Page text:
For many products, it’s important to create a stress-free environment where customers can learn what the product does and how it compares with its competitive set. Customers also should be able to grasp the near- and long-term value of owning the product versus its alternatives.
Laurel & Wolf, operators of an online interior design platform, creates a stress-free environment for customers to envision different design options for their space. The company removes key barriers for customers by enabling them to compare independent designers and use multiple sources of furniture and accessories.
Warby Parker, a prescription glasses and sunglasses retailer, offers a free, at-home try-on service for the glasses it sells. Experiencing and experimenting with frames in the comfort of their own home allows consumers to become acquainted with the product at their own pace, or to use this process as a foundation for further research at various brick-and-mortar locations.
Dimension 3: Curating the experience
Aid the customer in narrowing a long list of potential purchases to the one that best fits their need.
The Netflix brand of on-demand entertainment reflects a deep understanding of successfully creating a curated experience. The company maximizes engagement by analyzing each user’s genre interests, past viewing history and show ratings to present a selection of content specific to that person’s profile.
Airbnb offers its users a “quiz” to help the company formulate travel recommendations. By gathering information on user preferences, the platform is able to give suggestions on places to visit, things to do and possible lodging, all specific to the particular consumer.
Dimension 4: Easing conversion
Help the customer close the purchase. Options might include alternative payment forms (e.g., PayPal, Apple Pay), flexible payments (financing) and shipping options (e.g., store pickup, home delivery, locker delivery).
As the world’s largest online retailer, Amazon offers its customers multiple shipping options, including free delivery, same-day delivery and delivery to an authorized third-party location. The shopping site also accepts most payment types and enables fast, free returns. All this encourages shoppers to make a commitment and proceed with their purchase. And Amazon continues to blaze trails in convenience, with voice ordering, delivery to cars and locked homes, and expansion of pickup anywhere, among other innovations.
Shopify, a Canadian ecommerce platform, reduces purchasing friction at its member shops through its Shopify Pay program. Allowing customers to save relevant information used to process a prior transaction makes future checkouts faster, easier and more convenient. Shopify’s stores that accepted the program saw the conversion rate for returning customers increase by 18% and ultimately drive more sales.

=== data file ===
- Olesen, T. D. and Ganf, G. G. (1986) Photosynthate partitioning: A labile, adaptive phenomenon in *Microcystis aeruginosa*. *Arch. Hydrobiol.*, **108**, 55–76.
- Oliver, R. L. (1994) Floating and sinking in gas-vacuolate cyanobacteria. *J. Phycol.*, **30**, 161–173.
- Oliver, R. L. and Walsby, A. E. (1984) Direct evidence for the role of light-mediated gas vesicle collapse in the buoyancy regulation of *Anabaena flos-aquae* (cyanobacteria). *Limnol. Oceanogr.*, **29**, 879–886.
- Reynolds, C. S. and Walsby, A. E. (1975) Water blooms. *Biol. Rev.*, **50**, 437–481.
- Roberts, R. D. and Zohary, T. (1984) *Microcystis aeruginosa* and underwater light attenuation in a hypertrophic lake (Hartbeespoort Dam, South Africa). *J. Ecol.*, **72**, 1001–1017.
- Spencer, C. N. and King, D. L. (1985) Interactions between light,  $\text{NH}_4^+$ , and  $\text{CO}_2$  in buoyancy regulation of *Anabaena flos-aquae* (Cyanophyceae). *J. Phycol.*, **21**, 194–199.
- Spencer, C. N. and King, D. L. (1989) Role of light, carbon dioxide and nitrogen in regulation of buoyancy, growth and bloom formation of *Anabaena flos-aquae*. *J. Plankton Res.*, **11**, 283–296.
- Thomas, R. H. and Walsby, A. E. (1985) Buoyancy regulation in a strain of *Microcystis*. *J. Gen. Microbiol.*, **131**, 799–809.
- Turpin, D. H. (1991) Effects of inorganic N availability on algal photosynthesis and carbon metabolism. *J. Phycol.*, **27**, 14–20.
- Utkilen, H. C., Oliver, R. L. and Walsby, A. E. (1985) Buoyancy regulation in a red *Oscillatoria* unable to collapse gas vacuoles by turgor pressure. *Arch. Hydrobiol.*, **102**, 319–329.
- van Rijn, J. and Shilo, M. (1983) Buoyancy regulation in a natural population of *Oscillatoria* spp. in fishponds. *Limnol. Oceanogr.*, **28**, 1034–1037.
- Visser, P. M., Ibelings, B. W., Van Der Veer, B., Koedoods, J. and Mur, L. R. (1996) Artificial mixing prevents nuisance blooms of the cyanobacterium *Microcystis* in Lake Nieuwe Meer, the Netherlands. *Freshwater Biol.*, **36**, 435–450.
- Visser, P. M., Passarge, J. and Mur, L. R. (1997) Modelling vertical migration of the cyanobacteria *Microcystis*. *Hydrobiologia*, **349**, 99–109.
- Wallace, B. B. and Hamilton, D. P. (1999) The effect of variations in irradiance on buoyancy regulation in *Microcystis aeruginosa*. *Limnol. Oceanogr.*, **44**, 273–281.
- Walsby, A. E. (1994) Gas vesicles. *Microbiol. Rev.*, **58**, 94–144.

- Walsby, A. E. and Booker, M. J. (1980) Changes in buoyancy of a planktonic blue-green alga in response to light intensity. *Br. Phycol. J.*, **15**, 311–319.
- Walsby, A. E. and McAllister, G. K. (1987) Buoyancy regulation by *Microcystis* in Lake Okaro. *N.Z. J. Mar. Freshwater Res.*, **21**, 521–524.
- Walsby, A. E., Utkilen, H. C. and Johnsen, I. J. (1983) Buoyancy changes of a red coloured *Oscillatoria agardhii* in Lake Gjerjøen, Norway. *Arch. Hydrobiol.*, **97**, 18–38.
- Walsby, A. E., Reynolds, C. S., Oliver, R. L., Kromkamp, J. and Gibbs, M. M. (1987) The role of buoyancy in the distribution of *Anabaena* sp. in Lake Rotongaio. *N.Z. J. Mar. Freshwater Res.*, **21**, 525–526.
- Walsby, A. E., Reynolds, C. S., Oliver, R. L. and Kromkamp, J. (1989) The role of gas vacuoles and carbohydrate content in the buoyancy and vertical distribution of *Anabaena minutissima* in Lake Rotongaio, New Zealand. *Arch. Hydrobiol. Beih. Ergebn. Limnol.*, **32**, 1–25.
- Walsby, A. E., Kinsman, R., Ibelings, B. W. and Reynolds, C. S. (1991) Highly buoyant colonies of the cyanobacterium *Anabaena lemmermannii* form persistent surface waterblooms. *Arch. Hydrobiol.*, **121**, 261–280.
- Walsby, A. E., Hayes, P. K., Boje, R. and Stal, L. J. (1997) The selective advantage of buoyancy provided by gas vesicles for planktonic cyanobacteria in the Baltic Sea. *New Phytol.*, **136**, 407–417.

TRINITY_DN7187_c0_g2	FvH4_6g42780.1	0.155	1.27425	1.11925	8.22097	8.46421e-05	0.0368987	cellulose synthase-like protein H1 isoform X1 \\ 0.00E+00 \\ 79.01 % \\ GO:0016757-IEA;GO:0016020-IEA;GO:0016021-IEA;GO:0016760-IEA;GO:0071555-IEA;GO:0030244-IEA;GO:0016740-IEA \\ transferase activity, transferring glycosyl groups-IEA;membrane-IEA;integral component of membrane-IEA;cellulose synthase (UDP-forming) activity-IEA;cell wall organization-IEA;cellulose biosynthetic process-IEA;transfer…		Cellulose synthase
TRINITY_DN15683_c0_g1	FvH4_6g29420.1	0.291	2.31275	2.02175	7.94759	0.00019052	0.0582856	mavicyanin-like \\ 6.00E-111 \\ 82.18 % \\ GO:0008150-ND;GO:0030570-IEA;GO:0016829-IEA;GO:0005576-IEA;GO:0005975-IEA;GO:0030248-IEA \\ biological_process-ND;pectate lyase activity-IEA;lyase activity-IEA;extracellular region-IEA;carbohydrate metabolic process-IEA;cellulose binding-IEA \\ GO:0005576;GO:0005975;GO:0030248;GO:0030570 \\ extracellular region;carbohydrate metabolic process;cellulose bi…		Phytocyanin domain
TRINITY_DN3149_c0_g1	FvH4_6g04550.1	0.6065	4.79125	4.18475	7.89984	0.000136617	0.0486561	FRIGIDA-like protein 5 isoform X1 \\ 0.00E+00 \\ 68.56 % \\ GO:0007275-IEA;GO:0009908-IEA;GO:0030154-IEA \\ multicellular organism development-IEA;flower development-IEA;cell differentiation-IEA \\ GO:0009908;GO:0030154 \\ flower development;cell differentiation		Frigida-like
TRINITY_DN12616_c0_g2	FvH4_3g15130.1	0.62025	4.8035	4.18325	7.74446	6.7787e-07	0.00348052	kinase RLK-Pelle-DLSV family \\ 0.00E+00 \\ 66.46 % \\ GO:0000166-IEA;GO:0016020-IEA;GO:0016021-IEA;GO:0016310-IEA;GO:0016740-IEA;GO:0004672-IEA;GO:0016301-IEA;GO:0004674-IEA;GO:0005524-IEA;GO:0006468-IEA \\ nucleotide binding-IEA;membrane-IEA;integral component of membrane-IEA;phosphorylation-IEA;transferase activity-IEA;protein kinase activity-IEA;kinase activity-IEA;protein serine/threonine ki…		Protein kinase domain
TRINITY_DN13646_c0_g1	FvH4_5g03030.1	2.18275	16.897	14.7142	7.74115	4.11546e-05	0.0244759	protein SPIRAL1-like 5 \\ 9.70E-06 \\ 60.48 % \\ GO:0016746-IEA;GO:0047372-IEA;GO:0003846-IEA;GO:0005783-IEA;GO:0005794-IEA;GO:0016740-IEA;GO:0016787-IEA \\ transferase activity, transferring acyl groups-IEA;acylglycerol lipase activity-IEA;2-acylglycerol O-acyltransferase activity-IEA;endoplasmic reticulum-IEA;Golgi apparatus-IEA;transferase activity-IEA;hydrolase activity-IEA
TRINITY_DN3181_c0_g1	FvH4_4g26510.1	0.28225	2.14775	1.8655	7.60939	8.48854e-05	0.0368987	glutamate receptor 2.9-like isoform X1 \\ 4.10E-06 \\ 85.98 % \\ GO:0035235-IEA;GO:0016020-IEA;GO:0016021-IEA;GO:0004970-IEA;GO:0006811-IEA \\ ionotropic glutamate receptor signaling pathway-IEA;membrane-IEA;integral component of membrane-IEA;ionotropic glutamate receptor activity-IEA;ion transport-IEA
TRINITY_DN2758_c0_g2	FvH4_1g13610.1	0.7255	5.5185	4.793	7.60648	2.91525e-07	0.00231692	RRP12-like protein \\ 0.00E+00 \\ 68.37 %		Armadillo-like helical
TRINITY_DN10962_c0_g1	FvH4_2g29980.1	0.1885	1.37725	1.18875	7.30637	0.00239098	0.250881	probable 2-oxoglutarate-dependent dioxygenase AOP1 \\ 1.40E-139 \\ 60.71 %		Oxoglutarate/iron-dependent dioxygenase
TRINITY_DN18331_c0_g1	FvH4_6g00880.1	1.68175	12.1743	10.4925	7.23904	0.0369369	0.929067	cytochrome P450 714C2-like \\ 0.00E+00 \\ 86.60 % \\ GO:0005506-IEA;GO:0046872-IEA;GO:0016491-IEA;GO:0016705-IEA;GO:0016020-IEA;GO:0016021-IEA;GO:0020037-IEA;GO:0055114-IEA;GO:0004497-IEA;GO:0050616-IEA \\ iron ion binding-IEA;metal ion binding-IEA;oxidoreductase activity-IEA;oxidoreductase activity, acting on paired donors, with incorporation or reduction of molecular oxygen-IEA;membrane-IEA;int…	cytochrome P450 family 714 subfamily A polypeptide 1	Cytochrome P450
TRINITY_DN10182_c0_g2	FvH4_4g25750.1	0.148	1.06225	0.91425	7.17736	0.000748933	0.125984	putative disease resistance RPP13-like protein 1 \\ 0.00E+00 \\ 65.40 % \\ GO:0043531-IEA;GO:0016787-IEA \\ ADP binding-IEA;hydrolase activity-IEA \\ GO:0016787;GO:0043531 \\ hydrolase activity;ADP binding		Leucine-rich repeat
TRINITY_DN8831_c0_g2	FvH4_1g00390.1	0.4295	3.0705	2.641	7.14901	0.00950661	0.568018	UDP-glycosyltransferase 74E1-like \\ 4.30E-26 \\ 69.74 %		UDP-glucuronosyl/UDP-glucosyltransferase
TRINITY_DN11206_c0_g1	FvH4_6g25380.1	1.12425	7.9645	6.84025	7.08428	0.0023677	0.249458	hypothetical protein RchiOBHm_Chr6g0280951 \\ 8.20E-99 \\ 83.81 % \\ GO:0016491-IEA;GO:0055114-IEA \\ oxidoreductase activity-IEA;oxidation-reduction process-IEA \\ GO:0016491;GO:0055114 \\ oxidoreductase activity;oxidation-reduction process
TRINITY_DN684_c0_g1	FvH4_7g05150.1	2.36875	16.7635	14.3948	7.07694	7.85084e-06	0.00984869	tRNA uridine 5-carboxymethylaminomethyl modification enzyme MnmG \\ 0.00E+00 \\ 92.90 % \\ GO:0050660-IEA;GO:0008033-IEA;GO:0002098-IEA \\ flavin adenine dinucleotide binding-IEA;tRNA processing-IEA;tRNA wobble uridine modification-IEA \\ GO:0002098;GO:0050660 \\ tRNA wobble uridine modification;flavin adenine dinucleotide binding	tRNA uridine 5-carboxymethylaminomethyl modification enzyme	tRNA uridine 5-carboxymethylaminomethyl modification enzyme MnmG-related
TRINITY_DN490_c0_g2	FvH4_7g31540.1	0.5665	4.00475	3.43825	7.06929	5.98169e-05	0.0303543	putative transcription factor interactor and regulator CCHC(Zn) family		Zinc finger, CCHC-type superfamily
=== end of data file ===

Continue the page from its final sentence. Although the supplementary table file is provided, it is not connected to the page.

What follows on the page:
Each of these dimensions, then, addresses a set of customer pain points viewed through a specific lens. With better data to parse those issues, brands and retailers can more effectively serve consumer needs.
With the increased digitization of data have come sophisticated tools to sort it all out. This means modern retailers have more power than ever to uncover and solve customer problems.
Opportunities and risks
With the influx of additional data sources, a framework to better understand customer needs allows brands and retailers to better drive engagement and conversion. Among many other examples, the right availability of and focus on data can lead to:
- Delivering a repeat offer to customers when they’re most likely to act on it (e.g., when they are projected to run out of a product, based on their history)
- Suppressing a marketing campaign and not paying for clicks when a customer has already been activated
- Changing the default purchase process and delivery options based on a customer’s history
- Withholding offers from customers who would purchase that product anyway — thus eliminating subsidies
But like most business opportunities, there are risks and drawbacks. In this day and age, with the volume of data substantially higher than in the past, it can be tempting to pool vast amounts of transaction data or loyalty information, or to turn to an Experian or Acxiom. But in reality, most firms aren’t set up to aggregate this much data, let alone analyze it. You also have to be able to act on it, which invokes a whole series of efforts — from acquiring the appropriate data exploration and visualization tools to establishing a robust problem-solving capability within the organization.
Understanding customer needs is both easy and hard. It’s easy because digital technology has the potential to make it so. It’s hard because organizations must then act on what they know. But with the right framework, approach, data and organization — not to mention real-life examples to emulate — firms can be confident they’re creating value by responding to customer needs.